We moved to Beijing over a year ago, and shipped many of our belongings from England. Instead of the promised two to three months it took eight months to get our shipment. I started unpacking and basically banged my head against the wall. Why had I shipped all this mess? The movers’ unpacking boxes even showed me the crazy stuff that they were unpacking, confirming how stupid I had been.
It was my first expat move with shipment and family, so I had no idea what to ship to China. To say that I am house proud is an understatement. I had my house carefully decorated, and had all the utensils a woman could wish for. I did not want to leave one bit behind. So just to save myself from buying everything again and destroying the world I shipped it all!
And stupidly enough all in my own name. My husband was the one with the Z-work visa at that time and shipping in his name would result paying tax on appliances only. But shipping in my name resulted into paying tax on every single item in the container, and extra stuff that the customs made up (like RMB 100 underpants.) If you think that you can just walk over to your container and pick out the bits that you love and really need to save cost, you are wrong. I made a little roundup of the most ridiculous things that came out of the container. Hopefully my awful packing skills will help somebody make more informed decisions and maybe I will learn for when we leave China.
These IKEA drawers are lovely, till you find out while they were being shipped overseas that they (or at least some like them) have killed seven kids and have been recalled by IKEA. Also China has IKEA stores, so that was stupidity times 300. I still use them, safely anchored into the walls. But I won’t be shipping these monsters out of China.
My hair dryer. If you blow dry your hair so rarely that you put the hair dryer in the shipment, you don’t need it. If you needed the thing it would have been in your suitcase. Also my hair dryer was made in China, as one of the movers pointed out.
Every single toy my child owned and her furniture. I brought her baby bed, also bought at IKEA. The thing could be turned into a toddler bed, but after eight months sleeping in an adult bed she was not going to go back. Her grandparents bought it for her, so it had sentimental value; sentiment I was unable to sell, so ended up giving it away to another expat family with smaller kids in Beijing.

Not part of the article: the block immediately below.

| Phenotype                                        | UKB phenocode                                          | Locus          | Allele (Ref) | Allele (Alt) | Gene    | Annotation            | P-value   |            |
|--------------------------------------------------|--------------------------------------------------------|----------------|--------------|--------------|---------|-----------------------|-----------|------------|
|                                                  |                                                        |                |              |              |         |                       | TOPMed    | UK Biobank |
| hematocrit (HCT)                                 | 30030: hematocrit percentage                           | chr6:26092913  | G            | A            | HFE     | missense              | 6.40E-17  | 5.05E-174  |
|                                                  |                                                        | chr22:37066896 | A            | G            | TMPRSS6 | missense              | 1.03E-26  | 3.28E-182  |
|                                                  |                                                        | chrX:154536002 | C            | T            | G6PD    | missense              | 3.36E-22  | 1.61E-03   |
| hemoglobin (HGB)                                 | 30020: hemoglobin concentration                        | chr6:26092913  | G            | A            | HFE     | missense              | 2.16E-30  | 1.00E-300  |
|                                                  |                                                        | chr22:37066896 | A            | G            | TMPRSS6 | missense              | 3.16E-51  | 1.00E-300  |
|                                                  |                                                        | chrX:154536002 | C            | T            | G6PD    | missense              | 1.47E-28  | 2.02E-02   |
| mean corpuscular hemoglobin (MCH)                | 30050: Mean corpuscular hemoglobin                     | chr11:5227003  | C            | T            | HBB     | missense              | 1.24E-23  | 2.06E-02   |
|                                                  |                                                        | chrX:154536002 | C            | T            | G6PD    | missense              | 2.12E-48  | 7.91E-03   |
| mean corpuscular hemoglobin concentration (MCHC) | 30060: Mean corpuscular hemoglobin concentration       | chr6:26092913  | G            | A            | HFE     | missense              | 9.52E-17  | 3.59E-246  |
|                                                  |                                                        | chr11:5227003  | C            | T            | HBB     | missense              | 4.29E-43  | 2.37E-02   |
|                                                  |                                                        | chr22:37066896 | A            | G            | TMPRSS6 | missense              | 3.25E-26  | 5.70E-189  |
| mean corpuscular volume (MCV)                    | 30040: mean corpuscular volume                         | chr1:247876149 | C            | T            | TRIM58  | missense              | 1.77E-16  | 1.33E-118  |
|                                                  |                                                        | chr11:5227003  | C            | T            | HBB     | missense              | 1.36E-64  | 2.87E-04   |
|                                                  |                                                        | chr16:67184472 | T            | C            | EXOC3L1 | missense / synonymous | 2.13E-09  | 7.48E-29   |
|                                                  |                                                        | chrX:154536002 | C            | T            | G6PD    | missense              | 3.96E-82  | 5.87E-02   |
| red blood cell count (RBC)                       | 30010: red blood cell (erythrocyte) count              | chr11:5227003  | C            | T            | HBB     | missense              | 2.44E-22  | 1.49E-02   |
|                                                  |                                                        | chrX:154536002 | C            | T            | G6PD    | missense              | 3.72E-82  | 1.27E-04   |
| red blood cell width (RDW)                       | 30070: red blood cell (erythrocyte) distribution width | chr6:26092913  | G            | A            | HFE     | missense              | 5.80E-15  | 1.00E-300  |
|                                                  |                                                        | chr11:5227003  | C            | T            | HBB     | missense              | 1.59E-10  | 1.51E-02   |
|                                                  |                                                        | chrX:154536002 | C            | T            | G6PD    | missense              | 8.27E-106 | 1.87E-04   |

My plastic salad bowl from Poundland (a UK discount store). Granted this bowl came with lid and utensils and was pretty awesome. But it was not worth the wait, and it broke on the way here. So now we only have a lid we can’t use, and salad tossers. Of course I brought all my plates, which I also bought at a discount store. But of course we had to buy a whole new set of plates and bowls when we moved here. I could not eat off paper plates for eight months, right? I have two cheap sets of plates now. Neither of which I really like, or would ship out of China.
Children’s clothes. I packed all the things she owned and a bit extra for the colder days. It’s impressive how much a three year old grows in eight months. Every single item was useless, and the baby clothes I wanted to keep to make a quilt out of were taxed by the customs officers. They actually asked me if I was going to open a store.
There are more stupid things I have shipped, and my husband is the witness of me trying to get rid of them. Make sure when shipping electronics or expensive stuff you have receipts of these things in a file – with you in your luggage, not in the actual shipment. I had a long discussion about a sewing machine that cost half of what they taxed it for.
We ended up having to pay RMB 30000 to receive our own belongings, including stuff that was gifted to us and things which I had sourced way cheaper than what they actually taxed us for. They unpacked every single box because they did not believe what we told them. The experience was horrible to say the least. Next time, I’ll move out of China with two boxes and one suitcase.
This blog was posted originally on the beijingkids website.